COVID-19 By The Numbers

Let’s look at some numbers just to get a sense of COVID-19’s possible effects. This is not a prediction or an attempt to find precise numbers. Just something to wrap your mind around.

United States population: 329,000,000 (US census)

Number of deaths in 2017: 2,814,000 (CDC)

Deaths from influenza and pneumonia: 55,672 (CDC)

Cases of influenza: 9,300,000 to 45,000,000 (CDC)

That’s a wide uncertainty, no doubt because not everyone who has influenza goes to the doctor, much less is tested.

The numbers of cases of influenza are kept down by vaccinations and immunity in people who have had a similar strain of influenza in the past. COVID-19 has no such mitigating factors, which is why limiting people’s movement becomes important.

Don’t bother to try to make the numbers of deaths from influenza and pneumonia fit neatly with the cases of influenza. My purpose in this post is to provide a general sense of how COVID-19 might affect the United States and give some numbers for you to make sense of.

Right now, the death rate for influenza is generally agreed to be about 0.1%. For COVID-19, it’s about 2%.

If there are as many cases of COVID-19 as there are of influenza, that gives 186,000 to 900,000 deaths. That’s compared to 56,000 for influenza. Heart disease kills about 650,000 people a year, cancer 600,000 (CDC). And, without a vaccine or immunity from earlier infections, those numbers could be larger.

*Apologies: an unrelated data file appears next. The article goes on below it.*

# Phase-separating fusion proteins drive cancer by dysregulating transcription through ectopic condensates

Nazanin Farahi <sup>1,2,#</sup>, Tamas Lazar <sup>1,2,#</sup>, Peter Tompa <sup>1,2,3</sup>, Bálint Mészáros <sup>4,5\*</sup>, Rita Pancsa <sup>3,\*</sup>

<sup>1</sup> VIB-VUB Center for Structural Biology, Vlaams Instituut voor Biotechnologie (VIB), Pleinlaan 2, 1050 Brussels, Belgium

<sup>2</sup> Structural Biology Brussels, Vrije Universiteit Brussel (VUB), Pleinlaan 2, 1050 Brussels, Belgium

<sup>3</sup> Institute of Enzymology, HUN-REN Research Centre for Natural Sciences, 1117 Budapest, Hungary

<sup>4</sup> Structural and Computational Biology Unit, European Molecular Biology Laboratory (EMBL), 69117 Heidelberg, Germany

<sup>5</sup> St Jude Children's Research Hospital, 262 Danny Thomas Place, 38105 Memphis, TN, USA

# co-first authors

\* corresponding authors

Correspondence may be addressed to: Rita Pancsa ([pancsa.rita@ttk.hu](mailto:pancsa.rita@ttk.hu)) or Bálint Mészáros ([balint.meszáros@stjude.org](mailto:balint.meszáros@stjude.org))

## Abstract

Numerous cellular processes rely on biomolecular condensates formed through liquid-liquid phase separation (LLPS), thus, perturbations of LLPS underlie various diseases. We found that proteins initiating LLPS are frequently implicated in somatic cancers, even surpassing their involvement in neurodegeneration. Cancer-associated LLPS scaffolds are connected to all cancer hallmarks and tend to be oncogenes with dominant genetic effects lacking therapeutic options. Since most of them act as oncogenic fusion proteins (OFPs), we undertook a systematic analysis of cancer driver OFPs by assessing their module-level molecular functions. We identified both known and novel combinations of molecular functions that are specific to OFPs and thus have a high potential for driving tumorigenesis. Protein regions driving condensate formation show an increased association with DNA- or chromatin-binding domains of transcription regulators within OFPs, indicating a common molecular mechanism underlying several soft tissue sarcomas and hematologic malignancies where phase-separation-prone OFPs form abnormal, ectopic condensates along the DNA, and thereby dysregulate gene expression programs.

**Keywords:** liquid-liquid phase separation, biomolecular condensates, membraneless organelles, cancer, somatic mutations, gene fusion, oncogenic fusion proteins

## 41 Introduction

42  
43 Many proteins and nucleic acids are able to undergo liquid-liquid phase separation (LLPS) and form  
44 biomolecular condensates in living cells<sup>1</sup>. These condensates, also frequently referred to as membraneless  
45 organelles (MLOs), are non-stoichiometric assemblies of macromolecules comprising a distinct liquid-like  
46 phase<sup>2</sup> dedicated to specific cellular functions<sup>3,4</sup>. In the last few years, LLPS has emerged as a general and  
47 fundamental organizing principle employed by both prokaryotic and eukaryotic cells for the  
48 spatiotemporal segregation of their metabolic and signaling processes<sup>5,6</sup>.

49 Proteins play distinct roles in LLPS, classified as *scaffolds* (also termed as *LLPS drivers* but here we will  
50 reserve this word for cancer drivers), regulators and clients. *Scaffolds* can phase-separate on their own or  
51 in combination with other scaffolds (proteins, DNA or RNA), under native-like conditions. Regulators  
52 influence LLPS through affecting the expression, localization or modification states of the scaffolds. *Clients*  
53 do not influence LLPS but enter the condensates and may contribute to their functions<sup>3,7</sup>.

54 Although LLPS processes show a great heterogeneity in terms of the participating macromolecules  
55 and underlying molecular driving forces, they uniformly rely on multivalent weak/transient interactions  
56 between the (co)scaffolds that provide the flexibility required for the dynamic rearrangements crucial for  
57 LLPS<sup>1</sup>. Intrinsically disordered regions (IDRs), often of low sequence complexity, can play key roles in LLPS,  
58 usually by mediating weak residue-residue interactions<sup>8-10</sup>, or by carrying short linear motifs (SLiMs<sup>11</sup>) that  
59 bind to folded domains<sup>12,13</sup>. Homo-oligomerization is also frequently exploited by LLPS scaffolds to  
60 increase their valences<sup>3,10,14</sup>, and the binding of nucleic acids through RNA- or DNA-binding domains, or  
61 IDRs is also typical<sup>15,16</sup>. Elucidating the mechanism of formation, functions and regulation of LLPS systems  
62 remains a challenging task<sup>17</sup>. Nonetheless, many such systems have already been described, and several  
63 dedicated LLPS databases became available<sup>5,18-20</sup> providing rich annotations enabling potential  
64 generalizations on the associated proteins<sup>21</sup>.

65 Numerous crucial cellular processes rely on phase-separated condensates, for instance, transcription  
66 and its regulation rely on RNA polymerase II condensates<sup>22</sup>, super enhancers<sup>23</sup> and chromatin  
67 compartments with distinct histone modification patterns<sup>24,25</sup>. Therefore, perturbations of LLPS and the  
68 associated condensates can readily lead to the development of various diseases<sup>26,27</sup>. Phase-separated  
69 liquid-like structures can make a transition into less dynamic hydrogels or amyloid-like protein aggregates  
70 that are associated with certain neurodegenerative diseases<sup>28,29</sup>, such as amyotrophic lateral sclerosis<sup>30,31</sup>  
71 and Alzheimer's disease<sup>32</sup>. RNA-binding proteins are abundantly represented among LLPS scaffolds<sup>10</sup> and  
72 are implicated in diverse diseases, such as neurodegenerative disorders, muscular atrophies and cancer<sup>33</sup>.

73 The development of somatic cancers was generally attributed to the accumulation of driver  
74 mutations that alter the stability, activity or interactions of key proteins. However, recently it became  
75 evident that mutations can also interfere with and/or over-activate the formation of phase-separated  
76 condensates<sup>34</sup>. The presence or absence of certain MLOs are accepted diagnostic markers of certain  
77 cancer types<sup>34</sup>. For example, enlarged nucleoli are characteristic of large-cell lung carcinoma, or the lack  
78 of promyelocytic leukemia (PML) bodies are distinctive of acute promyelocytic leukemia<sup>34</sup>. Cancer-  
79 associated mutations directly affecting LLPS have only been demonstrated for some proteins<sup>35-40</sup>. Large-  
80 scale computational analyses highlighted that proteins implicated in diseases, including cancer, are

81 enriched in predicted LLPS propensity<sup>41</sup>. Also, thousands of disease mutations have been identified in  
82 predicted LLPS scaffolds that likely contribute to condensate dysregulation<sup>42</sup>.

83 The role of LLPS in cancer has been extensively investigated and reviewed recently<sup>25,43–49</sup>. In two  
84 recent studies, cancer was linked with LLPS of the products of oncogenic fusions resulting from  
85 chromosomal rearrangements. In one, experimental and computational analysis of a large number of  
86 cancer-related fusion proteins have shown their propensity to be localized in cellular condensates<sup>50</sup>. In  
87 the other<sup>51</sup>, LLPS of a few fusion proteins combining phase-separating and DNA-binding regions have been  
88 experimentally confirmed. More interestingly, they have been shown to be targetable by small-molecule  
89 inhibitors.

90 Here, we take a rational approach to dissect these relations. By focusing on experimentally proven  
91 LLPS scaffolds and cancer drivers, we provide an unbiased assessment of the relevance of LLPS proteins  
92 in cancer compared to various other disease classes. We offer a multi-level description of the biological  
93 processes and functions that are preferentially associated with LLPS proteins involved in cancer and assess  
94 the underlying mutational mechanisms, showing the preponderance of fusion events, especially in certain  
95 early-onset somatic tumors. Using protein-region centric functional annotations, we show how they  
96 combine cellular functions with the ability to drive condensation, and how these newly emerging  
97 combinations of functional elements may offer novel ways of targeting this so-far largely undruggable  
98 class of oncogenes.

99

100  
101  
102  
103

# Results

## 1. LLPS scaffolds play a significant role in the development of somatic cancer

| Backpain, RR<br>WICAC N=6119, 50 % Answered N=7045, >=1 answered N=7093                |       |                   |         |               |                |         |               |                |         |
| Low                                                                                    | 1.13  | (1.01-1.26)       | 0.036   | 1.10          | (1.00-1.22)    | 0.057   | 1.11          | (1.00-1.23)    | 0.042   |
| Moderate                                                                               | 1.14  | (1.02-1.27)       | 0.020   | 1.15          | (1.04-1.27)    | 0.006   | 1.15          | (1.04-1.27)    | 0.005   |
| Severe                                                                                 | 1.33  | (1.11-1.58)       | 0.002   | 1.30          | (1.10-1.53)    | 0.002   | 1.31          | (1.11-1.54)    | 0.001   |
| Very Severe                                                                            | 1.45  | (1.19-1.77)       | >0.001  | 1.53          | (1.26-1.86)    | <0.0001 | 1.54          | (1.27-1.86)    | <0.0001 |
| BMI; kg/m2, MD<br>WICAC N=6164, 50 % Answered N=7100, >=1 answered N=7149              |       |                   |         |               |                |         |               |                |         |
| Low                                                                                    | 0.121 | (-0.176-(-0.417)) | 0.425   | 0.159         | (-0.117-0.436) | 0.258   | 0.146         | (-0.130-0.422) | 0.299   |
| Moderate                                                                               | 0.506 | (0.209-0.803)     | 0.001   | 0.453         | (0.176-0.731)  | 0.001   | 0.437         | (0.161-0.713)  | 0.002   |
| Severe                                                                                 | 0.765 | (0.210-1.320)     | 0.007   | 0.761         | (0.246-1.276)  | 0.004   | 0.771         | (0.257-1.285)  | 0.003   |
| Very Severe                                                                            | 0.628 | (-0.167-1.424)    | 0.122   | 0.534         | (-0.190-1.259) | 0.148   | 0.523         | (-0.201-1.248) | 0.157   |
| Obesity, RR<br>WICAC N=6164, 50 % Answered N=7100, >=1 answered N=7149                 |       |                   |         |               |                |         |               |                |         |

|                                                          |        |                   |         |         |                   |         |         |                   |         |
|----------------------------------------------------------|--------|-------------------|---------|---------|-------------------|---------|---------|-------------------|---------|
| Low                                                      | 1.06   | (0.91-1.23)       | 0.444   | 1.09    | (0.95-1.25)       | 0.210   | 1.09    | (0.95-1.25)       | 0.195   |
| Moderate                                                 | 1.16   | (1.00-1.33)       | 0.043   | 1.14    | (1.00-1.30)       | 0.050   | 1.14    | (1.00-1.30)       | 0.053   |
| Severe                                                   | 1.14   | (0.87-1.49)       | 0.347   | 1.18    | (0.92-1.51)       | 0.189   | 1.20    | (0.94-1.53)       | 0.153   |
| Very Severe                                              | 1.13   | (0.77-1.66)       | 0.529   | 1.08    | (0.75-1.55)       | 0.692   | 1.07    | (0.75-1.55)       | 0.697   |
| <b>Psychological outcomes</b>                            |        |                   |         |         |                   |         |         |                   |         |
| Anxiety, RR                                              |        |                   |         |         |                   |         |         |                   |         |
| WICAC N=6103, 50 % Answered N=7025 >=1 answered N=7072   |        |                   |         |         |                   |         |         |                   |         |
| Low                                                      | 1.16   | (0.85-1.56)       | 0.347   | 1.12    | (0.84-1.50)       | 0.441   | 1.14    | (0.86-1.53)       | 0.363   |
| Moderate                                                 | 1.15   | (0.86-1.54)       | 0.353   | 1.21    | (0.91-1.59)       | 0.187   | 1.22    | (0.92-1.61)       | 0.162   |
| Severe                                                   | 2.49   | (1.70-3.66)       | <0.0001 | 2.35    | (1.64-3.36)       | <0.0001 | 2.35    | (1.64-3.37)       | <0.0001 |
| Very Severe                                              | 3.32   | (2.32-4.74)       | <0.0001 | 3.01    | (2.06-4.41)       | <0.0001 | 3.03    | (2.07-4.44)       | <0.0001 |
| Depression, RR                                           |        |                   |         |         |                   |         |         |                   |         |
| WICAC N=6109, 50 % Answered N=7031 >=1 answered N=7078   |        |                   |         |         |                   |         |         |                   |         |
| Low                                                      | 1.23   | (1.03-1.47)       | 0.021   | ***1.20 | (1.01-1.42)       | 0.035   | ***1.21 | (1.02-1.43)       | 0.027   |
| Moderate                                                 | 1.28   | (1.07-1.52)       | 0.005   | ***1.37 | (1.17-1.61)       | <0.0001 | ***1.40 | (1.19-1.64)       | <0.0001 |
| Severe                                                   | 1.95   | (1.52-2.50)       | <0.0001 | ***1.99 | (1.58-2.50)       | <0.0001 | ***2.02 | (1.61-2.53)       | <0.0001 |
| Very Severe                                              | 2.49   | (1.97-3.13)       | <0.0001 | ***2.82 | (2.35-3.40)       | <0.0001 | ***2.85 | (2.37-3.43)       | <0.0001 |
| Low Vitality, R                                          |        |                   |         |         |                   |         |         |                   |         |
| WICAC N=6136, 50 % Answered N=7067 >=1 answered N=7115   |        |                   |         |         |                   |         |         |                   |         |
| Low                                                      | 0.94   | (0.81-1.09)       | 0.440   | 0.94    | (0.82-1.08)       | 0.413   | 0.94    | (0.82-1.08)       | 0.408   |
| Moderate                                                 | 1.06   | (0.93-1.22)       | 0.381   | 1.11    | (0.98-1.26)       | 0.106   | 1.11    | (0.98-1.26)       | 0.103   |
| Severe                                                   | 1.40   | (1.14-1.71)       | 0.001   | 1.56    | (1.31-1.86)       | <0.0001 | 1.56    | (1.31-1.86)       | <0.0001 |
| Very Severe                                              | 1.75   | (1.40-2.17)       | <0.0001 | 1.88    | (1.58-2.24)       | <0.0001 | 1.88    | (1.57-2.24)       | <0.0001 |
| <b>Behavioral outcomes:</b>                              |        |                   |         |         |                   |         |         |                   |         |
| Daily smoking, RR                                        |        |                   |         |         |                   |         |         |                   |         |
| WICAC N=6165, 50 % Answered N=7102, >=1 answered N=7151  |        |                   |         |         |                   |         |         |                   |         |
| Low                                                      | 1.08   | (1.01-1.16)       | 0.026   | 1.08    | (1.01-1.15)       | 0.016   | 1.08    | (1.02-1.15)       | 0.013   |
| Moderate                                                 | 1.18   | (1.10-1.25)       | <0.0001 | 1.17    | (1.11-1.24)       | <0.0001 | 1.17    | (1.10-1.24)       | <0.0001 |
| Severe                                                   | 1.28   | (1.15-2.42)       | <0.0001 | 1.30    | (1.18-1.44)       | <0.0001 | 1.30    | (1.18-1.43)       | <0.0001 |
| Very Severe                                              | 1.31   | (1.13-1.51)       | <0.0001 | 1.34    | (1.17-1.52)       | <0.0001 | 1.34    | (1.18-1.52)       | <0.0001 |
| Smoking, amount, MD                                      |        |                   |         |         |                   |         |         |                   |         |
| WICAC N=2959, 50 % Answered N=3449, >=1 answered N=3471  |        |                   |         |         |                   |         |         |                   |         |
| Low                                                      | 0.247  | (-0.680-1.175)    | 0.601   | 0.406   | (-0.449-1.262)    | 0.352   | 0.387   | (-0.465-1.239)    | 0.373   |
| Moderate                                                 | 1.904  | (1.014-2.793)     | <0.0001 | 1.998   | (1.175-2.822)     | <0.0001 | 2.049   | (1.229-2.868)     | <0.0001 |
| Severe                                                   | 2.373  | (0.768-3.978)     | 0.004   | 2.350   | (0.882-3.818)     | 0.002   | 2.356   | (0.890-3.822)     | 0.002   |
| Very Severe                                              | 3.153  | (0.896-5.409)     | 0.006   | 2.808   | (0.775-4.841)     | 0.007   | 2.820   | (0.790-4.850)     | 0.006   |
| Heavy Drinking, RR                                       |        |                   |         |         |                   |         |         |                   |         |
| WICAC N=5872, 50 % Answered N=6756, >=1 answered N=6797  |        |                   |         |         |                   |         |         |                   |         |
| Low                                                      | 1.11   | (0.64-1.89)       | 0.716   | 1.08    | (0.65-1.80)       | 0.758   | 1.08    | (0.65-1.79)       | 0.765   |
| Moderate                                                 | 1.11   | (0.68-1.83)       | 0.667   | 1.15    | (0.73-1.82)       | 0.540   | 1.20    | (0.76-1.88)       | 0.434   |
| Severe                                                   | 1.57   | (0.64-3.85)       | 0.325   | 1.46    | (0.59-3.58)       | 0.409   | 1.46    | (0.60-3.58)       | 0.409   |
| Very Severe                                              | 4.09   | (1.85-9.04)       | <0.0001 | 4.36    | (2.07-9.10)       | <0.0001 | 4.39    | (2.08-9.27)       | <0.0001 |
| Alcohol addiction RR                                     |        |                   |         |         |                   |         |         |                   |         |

Thinking About Deterrence

I have always been suspicious of arguments about nuclear deterrence. After the Soviet Union broke up, it seemed to me that those arguments needed to be redrawn, since they had been based on the Cold War rivalry between the United States and the Soviet Union. Nobody’s done that.

Back in the 1960s, Robert McNamara recognized that nuclear deterrence could easily deteriorate into a comparison of weapons. That’s what’s happened in the justifications for the lower-yield nuclear weapons introduced to nuclear submarines. That’s all the justification that’s been made. That’s not deterrence.

So I wrote a piece about that, and Foreign Policy published it. There’s another little piece that didn’t quite fit, that Inkstick Media published. All the talk about “restoring deterrence” vis-à-vis Iran is nonsense.

So please read those two.

John le Carré And The Passage Of Time

At a particular point in my youth, I tried to understand various durations of time by thinking back in history. That point was between about 1955 and 1965. I would think about the Civil War a century before, or fifty years back to before the First World War. I still do it to put perspective into the movement of history.

The Second World War had ended only ten to twenty years earlier. Because that was before my memories began, it seemed like a long time. Now ten to twenty years goes back only to the financial crash, or to 9/11. The end of the Soviet Union, a definitional event in my life, now extends back 30 years. In my earlier calibration, that would be before the Great Depression, which had made a permanent imprint on my parents, which they strove to pass on to their kids. Read More